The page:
I wonder who will be chosen as the next bride?” Bri muses idly, leaning forward on her elbows to survey the market square before us. Its cobblestone streets are emptying rapidly as sunset stretches its fiery fingers across the sky.
“I don’t know,” I reply, my tone clipped. I straighten an already-straightened tomato in my display. A breeze blows through and I close my eyes with a contented sigh. The heat of the day has been suffocating.
“But don’t you want to?” Bri presses. I look into her eyes, wide and excited, and shrug.
“No,” I answer. “I don’t.”
Despite my veneer of disinterest, the truth is that I’m scared. My unmarried status marks me as an eligible bride for the Vampire King, but it may as well mark me as a lamb to be slaughtered. Every day I wake up and look toward the castle overlooking my village, wondering if this will be the day I see the White Raven taking flight:the sign that the Vampire King is ready to take a new bride.
But I can’t tell Bri this. Though she is just as unmarried as I am, she somehow finds excitement in all this. I have never understood her excitement. Maybe she is desperate to leave the village? If this is so, there are safer ways of going about it.
“Why?” Bri gasps. I sigh and shrug again. Perhaps I should be just as curious as her—impatient, even—but I just don’t have it in me to feel either. All I can bring myself to feel is dread. Dread, and denial, as if not thinking about the fate one girl in my village will eventually, inevitably face will make it go away.
“Because I have more important things to think about than some pampered king,” I grit out. Bri just laughs and shakes her head.
“This is important, Alissa,” Bri insists, swiping a tomato before I can stop her. “This is our future.”
She takes a bite of stolen tomato. Juice dribbles down her chin as she chews, and I finally nod.
“So it is,” I concede. It’s all I can bring myself to say.
With the market square empty, Bri and I pack up our wares, then part ways to begin our journeys home. Even when her back is turned, I take a moment to watch her depart. She has been my dearest friend for my entire life, and if I am to be chosen, I know I will never see her again—none of the past brides have ever returned. And so, I must savor my surroundings and all that I hold dear.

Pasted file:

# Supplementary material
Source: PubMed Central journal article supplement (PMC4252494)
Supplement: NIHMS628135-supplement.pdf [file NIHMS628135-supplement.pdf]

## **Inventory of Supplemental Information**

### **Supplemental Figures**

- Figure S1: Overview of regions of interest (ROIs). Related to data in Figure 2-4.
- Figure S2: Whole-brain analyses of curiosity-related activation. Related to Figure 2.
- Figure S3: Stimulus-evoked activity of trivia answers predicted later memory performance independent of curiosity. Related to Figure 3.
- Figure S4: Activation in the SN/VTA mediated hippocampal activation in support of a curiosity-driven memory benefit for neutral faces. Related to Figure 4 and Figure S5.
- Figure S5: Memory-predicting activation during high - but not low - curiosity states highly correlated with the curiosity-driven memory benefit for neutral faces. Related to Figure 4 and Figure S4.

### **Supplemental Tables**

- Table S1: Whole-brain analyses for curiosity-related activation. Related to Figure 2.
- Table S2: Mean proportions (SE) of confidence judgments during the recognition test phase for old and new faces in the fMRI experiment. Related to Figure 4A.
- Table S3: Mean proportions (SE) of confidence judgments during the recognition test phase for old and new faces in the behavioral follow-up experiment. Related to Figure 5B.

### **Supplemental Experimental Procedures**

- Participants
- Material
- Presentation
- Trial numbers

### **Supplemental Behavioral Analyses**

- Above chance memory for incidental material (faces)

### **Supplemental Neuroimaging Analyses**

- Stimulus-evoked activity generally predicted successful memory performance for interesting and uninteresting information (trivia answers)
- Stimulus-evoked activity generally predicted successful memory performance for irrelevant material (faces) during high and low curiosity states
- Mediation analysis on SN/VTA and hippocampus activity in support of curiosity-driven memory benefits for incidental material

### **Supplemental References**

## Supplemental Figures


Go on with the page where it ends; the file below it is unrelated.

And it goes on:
As I step up into the driver’s seat, I try to remind myself that it won’t be me. There are many eligible daughters in the village—it is much more likely to be one of them. Yet, as time goes on without any sign of the White Raven, the creeping dread that I once kept at bay sinks its fingers deeper into me. I just want to see that damned raven already. I just want to see this year’s bride being led away in the red carriage that my aunts had always hesitated to talk about. Guilt and shame always laced their words when they spoke of their relief. I wonder if I, too, will feel the same when I see the bride being led away.
As the shadows lengthen, I find myself squinting through the dark to see my path. Caprona’s steps become careful, even hesitant, the darker it gets. Eventually I am forced to stop and light my lantern.
Just as I manage to light the wick, I catch movement at the edge of the dark. I whirl around, hand gripping the knife at my hip. Bandits stalk these roads; I am under no illusion that I could best them in a fight, but I sure as hell won’t go down without trying.
A figure steps out of the dusky gloom. He is clothed in black, with the hood of his black cloak drawn over his face. Even with my wariness of the stranger, I still find myself marveling at his choice of garb. Surely the heat must be too much for him in that cloak? But why would a bandit care? Slowly, I step back toward the cart, scanning every tree and shadow for signs of others. Bandits never travel alone.
“I am no bandit.” His voice is so soft, I almost don’t hear him at first.
“Isn’t that what a bandit would say?” I retort. My other hand grips the reins now.
“I am just a traveler, unfamiliar with these roads—”
“—and for that you have my sympathy.” My heel is on the step. It is an effort to keep the tremor from my voice.
“I assure you,” the stranger says, a note of desperation to his voice, “I mean you no harm. You have my word.” He raises his hands and draws back his hood to reveal a beautiful, moon-pale face framed by hair as black as a raven’s wing. “I am simply looking for a place to rest my head for the night.”
I frown. No bandit has ever been known to reveal their face so willingly to a traveler before. “Fine, then. Come on. These woods are dangerous after dark.”
The stranger smiles with relief and joins me in the cart. I trust he means me no harm, yet I can’t shake the unease that squeezes my heart. Just having him near sets my teeth on edge; even the knife at my hip provides me no comfort. Despite this, I force a smile to my face and snap the reins. The mule’s hoofbeats and the gentle rocking of the cart starts to lull me enough to forget the stranger at my side. The spell is broken by his thigh brushing up against mine. I stiffen at the contact.